Running Up That Hill: Artificial Intelligence in Ukrainian Public Sector

When will the Ukrainian state-in-smartphone application Diia have its own Siri? Will the political agreement on the AI Act halt the use of Clearview AI? Can AI help choose the “dream job”?

Our senior lawyer Tetiana Avdieieva tries to provide answers to these and many other questions in her analytical study “Running Up That Hill: Artificial Intelligence in Ukrainian Public Sector.” The document outlines relevant AI regulation initiatives at both international and national levels in Ukraine and other states. The study also provides an overview of the AI projects already in practice or the pipeline for the near future in the public sector in Ukraine, analyzing their safety for human rights and democratic principles.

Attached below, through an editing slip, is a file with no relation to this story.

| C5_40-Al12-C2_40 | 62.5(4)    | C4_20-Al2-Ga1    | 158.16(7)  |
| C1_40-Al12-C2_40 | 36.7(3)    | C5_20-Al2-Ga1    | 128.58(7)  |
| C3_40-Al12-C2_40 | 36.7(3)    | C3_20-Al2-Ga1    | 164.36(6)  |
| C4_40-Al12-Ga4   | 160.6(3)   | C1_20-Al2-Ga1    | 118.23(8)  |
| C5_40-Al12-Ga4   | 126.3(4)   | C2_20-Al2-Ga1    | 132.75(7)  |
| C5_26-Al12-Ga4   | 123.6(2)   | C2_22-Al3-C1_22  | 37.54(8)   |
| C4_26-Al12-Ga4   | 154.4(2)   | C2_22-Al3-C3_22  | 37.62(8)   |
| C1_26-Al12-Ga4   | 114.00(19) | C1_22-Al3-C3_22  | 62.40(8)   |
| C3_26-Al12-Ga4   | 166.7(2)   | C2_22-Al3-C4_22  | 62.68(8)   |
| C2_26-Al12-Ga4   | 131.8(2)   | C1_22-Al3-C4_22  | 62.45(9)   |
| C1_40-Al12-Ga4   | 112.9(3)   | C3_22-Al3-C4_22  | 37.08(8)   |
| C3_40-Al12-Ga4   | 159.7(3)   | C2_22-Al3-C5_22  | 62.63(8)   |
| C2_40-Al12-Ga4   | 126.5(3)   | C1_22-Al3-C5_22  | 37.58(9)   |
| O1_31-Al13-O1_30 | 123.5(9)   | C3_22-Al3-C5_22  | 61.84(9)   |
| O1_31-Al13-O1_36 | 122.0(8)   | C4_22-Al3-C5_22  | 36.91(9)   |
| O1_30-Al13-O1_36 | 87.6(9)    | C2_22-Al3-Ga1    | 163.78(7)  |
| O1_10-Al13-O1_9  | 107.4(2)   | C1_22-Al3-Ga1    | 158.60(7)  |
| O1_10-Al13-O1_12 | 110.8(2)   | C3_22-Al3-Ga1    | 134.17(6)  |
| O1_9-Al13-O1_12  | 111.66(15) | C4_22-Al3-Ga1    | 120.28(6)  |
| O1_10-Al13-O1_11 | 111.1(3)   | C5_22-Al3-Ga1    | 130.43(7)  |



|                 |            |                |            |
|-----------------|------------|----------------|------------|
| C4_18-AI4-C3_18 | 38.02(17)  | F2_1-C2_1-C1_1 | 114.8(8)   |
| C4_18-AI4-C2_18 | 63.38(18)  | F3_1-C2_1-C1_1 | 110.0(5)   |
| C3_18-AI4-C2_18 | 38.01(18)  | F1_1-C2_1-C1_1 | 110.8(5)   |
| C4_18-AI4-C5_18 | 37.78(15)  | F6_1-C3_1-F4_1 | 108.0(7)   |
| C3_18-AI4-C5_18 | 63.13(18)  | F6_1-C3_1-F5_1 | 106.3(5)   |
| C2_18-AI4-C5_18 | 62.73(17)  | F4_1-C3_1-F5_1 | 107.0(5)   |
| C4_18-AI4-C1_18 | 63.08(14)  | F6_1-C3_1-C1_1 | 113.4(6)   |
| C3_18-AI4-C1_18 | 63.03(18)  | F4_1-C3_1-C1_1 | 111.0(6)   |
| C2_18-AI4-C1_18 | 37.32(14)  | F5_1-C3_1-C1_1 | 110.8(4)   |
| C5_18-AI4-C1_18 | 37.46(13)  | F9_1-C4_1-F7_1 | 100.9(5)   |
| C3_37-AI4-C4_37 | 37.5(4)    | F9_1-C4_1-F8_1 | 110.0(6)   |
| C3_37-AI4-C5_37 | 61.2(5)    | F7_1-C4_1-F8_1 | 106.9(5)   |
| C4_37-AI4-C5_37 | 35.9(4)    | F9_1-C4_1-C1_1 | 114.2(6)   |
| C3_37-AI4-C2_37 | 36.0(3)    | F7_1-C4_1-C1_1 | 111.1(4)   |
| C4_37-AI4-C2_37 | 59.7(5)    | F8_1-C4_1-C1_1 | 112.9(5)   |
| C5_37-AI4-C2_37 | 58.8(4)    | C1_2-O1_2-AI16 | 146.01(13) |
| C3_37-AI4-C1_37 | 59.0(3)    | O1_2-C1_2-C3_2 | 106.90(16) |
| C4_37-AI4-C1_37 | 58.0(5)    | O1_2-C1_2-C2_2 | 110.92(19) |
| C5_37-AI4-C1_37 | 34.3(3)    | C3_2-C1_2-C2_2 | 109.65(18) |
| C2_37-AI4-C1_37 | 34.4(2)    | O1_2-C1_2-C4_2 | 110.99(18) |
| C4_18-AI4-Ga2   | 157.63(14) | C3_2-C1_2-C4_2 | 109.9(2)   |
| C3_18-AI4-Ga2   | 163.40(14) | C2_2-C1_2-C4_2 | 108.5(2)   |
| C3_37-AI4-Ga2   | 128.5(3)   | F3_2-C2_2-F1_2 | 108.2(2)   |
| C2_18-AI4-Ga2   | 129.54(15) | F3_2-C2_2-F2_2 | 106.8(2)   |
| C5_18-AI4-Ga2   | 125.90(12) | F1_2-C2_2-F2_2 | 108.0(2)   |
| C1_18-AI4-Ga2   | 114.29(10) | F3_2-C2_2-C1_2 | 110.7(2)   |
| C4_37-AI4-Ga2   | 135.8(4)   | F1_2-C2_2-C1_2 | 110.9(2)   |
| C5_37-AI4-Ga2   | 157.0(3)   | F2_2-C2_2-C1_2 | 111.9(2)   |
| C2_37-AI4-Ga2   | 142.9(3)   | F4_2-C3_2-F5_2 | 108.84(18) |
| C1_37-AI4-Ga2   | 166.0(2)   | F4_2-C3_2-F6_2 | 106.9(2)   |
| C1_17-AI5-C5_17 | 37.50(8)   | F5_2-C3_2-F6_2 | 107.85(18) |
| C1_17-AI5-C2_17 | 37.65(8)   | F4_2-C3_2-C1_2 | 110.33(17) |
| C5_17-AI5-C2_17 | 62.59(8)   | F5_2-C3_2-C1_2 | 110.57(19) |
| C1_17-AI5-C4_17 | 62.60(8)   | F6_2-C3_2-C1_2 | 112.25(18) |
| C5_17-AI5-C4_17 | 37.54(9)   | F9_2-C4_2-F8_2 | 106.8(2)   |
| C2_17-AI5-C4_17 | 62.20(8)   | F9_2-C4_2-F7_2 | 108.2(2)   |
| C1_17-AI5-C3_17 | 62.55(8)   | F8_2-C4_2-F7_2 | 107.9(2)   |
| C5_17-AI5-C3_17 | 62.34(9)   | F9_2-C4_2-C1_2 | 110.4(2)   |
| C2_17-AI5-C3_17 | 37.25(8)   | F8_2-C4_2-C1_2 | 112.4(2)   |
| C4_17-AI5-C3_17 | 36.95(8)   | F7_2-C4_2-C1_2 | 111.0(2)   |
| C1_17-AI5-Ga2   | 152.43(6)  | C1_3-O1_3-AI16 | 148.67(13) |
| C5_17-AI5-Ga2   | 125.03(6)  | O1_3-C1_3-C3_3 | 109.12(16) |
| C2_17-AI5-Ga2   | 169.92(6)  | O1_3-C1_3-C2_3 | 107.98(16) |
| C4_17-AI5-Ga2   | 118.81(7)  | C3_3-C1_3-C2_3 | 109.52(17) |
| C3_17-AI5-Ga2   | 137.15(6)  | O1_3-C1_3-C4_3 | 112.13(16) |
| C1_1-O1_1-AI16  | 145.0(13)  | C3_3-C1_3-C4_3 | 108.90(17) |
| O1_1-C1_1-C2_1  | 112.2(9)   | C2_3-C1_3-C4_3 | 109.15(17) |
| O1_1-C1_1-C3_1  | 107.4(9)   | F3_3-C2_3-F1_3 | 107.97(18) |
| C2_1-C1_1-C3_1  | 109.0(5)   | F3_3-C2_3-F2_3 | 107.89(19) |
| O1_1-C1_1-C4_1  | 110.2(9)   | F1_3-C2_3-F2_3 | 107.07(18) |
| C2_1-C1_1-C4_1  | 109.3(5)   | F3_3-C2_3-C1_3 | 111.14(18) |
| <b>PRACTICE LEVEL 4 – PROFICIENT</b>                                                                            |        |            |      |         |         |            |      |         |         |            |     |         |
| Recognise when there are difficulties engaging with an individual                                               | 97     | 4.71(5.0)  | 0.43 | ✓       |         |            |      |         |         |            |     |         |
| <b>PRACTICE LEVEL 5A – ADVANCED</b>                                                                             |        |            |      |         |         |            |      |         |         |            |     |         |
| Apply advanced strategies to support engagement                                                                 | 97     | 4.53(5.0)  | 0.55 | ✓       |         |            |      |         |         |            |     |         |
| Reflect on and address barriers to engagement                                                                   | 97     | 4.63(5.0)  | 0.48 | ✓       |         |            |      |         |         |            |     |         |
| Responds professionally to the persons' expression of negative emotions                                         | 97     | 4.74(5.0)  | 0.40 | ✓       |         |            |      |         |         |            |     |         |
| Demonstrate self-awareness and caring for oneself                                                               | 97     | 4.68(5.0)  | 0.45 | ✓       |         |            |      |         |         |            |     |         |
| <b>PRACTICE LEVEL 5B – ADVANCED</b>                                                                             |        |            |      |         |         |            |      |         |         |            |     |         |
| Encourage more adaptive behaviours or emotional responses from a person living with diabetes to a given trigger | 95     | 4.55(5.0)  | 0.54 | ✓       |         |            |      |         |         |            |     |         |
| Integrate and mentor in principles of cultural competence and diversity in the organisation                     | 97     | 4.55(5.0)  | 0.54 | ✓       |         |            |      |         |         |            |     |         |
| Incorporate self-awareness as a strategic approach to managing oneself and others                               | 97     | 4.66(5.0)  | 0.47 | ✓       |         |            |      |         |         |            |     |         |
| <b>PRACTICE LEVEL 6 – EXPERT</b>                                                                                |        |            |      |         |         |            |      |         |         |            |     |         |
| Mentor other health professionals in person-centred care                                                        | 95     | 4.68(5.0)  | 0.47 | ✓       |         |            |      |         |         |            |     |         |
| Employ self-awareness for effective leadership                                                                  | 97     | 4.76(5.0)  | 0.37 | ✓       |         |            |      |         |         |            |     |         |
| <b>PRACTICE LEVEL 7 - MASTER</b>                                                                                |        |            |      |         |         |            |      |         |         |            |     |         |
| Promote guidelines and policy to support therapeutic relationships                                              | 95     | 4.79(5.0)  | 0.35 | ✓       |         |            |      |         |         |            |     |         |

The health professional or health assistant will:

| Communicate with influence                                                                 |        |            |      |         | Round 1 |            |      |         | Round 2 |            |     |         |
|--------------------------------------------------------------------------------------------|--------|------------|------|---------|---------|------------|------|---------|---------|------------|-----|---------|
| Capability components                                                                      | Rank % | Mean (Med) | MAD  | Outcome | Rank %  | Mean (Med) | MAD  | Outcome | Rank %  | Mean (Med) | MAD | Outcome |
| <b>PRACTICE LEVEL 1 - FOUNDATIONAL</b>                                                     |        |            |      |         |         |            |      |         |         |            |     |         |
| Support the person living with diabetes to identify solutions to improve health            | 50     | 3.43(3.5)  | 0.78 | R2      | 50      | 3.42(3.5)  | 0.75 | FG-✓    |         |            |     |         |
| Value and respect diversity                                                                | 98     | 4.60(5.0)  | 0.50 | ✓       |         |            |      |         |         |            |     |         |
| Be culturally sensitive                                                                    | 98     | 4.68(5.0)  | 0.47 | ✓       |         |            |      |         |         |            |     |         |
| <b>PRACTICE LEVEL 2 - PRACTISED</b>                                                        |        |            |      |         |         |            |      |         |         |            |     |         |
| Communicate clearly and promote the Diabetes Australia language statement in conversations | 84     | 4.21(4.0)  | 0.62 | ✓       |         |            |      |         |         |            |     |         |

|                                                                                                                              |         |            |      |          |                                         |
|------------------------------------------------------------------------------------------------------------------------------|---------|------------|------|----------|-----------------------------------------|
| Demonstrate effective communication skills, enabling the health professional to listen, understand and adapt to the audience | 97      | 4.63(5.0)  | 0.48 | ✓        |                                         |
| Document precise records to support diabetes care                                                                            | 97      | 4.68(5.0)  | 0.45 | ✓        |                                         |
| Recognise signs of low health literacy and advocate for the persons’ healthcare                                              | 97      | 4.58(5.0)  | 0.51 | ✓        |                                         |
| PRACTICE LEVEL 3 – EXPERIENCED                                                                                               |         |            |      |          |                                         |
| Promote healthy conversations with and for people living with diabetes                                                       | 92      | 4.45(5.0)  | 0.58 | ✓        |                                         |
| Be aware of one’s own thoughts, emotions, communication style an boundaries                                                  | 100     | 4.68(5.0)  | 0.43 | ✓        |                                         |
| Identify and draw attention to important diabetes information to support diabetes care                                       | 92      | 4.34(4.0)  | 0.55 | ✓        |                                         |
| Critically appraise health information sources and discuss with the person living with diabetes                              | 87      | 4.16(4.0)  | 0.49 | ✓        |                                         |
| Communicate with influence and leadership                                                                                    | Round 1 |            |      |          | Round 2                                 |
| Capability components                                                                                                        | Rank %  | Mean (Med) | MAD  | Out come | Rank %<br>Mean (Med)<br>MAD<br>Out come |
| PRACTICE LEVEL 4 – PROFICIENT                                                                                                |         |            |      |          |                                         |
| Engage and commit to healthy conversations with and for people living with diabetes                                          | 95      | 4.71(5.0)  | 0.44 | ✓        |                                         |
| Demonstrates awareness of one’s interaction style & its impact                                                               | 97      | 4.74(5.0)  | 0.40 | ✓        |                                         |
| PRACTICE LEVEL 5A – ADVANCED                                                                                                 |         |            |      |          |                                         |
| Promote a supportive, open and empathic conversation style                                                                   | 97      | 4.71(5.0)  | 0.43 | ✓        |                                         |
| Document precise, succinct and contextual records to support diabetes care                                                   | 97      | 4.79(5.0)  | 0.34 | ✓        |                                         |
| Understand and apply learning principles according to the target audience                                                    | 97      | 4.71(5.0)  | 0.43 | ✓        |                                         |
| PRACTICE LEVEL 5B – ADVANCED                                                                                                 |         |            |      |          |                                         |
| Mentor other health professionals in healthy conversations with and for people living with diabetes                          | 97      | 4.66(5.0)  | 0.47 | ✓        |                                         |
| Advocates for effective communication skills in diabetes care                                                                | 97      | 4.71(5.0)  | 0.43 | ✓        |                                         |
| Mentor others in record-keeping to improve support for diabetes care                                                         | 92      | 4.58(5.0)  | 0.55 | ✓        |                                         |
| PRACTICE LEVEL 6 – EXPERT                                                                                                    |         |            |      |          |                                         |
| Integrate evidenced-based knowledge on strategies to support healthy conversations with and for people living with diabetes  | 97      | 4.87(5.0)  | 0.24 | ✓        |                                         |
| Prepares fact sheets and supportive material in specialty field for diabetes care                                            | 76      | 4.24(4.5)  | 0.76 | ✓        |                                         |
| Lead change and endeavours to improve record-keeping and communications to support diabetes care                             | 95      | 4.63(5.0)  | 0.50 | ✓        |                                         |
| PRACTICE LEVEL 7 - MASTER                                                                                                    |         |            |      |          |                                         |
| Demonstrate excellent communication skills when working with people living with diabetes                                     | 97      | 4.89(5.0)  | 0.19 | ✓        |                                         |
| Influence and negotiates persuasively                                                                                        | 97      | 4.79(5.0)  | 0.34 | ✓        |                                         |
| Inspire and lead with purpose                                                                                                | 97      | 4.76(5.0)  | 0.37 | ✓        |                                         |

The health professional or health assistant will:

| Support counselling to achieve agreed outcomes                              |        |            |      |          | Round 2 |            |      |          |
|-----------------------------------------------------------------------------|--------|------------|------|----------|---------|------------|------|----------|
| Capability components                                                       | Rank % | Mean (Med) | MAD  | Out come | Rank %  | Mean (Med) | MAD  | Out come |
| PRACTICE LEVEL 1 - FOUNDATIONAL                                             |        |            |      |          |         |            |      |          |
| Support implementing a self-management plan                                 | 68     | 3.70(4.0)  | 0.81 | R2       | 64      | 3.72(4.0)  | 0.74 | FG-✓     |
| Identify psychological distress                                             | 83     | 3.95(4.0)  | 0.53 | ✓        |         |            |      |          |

Based on the results of the research and taking into account the priority of AI both in the defense sector and other public spheres, DSLU prepared recommendations for policy-making in the field of AI at the state level:

  • In the future, it is necessary to develop a general regulatory framework that will adequately incorporate international standards in the field of AI at the national level. At the same time, DSLU supports postponing the implementation of the AI Act to determine how Ukraine can adapt to the requirements of the document without accessing European institutions, as well as to understand how the regulation should be applied in practice. With this in mind, DSLU welcomes the introduction of ‘soft’ regulation, including the development of general and sectoral recommendations and the encouragement of self-regulatory institutions.